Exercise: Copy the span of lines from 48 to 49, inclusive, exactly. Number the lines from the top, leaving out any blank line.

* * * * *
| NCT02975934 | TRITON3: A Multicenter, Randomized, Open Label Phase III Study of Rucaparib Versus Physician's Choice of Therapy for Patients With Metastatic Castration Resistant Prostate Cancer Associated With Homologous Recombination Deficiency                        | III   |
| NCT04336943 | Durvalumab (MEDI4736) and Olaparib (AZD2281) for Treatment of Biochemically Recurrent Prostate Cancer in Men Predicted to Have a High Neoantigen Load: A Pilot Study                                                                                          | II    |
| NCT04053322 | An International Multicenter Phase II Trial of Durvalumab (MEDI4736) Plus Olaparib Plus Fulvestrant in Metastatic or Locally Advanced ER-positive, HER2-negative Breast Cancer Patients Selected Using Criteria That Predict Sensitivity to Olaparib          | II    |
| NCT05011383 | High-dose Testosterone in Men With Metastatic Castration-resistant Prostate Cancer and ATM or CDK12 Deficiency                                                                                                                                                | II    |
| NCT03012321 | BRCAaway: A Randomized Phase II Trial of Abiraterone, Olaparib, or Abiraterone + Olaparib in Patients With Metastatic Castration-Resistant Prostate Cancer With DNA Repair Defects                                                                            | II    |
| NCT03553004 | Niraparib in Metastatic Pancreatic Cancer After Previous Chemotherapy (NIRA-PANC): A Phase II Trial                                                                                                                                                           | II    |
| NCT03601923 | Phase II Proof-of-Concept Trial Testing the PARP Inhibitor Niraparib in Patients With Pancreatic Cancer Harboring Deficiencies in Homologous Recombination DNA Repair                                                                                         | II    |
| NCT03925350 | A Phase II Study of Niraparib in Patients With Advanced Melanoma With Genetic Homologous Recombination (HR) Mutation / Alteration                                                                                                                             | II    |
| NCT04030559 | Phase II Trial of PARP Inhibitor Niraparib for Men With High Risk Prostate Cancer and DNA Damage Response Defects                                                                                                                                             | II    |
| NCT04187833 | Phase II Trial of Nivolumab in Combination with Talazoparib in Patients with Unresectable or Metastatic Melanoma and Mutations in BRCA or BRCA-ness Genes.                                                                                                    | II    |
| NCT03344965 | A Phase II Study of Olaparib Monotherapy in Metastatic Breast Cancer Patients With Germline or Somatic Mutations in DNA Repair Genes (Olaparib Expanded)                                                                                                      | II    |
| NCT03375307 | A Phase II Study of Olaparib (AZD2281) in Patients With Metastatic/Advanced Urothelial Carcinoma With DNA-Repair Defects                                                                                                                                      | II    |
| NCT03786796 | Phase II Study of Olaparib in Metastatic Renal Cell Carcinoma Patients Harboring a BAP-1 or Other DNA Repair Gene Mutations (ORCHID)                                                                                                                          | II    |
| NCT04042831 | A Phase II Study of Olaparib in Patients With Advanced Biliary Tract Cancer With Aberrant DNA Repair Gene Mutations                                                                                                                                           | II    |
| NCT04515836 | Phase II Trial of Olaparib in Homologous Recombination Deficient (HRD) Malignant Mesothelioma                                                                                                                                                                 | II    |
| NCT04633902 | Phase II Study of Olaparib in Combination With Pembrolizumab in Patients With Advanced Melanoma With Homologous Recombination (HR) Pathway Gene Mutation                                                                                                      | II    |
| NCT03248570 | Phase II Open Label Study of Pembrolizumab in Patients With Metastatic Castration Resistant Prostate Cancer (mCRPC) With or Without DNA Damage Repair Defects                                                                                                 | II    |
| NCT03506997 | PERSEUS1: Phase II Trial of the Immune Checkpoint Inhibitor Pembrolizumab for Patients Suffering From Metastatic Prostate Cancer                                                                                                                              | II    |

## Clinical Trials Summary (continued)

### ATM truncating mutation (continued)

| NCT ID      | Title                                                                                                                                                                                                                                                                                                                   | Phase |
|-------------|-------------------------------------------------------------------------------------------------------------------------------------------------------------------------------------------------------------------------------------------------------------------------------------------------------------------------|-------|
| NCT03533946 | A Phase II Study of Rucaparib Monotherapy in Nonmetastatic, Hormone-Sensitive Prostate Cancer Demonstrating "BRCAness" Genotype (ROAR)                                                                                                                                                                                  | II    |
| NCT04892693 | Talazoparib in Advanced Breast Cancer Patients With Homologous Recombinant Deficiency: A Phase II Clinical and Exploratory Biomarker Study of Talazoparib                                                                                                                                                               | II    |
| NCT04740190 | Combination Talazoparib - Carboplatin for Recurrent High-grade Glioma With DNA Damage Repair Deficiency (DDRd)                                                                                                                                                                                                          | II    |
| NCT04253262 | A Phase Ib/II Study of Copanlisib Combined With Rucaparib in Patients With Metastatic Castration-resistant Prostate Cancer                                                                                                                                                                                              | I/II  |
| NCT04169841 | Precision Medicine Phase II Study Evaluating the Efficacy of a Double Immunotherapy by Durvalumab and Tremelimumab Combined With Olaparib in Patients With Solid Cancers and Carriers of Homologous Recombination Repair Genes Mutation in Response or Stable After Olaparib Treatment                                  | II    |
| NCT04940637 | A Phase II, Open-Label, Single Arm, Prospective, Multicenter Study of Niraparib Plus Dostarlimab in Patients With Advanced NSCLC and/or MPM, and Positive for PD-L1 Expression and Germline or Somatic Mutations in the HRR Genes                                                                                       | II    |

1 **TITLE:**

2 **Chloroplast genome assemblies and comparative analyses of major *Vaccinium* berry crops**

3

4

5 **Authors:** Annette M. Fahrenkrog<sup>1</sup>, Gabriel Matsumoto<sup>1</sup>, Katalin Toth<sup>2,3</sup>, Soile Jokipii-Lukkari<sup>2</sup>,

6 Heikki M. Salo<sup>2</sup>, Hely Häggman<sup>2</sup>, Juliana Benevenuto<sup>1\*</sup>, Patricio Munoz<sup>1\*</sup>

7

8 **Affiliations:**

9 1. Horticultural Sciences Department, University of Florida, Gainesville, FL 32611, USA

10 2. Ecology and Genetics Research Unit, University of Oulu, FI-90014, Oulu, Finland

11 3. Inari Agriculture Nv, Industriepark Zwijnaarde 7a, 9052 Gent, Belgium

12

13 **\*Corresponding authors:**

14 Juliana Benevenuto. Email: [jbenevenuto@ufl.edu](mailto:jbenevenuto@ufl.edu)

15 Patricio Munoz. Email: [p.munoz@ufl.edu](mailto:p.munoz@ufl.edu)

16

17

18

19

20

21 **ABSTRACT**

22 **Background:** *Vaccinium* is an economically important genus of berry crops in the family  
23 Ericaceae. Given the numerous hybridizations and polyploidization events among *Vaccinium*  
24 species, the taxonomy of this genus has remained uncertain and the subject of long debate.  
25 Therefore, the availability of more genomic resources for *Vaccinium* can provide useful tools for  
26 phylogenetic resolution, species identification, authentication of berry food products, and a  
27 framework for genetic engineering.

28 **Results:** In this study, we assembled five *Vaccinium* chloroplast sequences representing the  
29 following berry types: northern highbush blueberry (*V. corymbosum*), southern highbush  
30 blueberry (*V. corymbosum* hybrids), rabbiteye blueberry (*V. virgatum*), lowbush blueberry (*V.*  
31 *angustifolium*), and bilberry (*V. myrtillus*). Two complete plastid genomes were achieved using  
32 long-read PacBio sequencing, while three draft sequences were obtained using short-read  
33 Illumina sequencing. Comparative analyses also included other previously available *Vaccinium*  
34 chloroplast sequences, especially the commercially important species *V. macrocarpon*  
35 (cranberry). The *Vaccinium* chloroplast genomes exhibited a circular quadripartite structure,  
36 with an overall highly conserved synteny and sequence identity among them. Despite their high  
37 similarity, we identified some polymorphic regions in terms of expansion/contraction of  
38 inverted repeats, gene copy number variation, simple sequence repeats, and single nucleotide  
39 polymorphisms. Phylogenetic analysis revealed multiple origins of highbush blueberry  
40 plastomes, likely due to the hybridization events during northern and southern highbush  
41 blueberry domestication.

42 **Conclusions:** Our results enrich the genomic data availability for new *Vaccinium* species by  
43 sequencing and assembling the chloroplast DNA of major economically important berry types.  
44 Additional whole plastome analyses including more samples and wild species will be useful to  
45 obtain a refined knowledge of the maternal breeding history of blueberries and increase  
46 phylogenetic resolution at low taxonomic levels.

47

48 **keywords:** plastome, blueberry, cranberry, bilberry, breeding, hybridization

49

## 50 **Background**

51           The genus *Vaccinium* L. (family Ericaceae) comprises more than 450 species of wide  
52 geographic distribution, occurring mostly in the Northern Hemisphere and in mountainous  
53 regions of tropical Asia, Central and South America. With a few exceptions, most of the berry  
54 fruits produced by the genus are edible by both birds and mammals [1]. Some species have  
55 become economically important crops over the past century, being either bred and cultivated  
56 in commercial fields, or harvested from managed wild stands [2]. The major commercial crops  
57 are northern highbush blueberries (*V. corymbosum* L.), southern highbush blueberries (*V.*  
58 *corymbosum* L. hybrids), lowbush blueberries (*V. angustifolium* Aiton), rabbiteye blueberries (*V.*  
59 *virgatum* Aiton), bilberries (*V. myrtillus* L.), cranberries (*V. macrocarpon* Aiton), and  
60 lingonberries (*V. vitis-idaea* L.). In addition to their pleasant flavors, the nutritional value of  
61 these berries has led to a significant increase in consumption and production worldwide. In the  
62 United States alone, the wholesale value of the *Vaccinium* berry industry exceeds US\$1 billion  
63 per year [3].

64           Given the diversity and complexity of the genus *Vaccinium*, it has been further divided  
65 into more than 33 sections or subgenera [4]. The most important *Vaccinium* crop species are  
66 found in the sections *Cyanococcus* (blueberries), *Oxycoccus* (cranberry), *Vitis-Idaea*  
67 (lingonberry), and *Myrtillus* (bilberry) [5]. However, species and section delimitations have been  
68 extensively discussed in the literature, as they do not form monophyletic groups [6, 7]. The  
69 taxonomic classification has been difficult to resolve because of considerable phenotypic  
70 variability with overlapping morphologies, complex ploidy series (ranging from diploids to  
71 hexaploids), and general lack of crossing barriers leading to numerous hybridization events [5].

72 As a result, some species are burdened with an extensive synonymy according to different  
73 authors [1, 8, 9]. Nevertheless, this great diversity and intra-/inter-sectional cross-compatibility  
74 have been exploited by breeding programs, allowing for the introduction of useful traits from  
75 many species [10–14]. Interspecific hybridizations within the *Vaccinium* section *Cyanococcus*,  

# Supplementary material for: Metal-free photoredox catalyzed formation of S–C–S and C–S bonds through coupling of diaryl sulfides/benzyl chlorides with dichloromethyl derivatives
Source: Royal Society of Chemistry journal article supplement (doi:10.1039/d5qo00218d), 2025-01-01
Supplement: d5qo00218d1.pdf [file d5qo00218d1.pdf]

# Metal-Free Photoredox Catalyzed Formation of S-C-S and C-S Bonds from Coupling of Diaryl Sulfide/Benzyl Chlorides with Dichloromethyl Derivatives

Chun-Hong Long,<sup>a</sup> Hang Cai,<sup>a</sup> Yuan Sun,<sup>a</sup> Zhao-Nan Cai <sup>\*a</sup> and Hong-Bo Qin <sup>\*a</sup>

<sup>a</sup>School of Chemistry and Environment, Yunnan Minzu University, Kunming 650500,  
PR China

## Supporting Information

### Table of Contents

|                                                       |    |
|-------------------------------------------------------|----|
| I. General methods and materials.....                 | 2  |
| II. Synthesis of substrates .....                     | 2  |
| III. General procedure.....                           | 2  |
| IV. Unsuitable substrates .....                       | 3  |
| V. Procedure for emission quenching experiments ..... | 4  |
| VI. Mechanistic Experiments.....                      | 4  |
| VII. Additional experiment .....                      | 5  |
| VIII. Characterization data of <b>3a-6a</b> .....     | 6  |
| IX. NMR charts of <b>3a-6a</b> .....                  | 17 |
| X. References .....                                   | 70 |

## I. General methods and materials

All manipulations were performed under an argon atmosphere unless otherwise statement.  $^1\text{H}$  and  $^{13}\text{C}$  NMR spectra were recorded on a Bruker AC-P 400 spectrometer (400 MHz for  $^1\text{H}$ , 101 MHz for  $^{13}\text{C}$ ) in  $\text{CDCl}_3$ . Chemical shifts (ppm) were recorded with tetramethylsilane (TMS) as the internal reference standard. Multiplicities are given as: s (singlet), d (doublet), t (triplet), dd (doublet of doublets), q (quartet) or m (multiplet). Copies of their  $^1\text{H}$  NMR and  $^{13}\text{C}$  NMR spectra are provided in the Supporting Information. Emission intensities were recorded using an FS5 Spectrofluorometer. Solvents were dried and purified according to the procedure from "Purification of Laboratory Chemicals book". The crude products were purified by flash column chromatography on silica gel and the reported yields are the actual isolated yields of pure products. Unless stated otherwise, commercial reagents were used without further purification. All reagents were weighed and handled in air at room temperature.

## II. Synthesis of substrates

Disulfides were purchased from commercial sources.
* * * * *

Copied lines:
20

21 **ABSTRACT**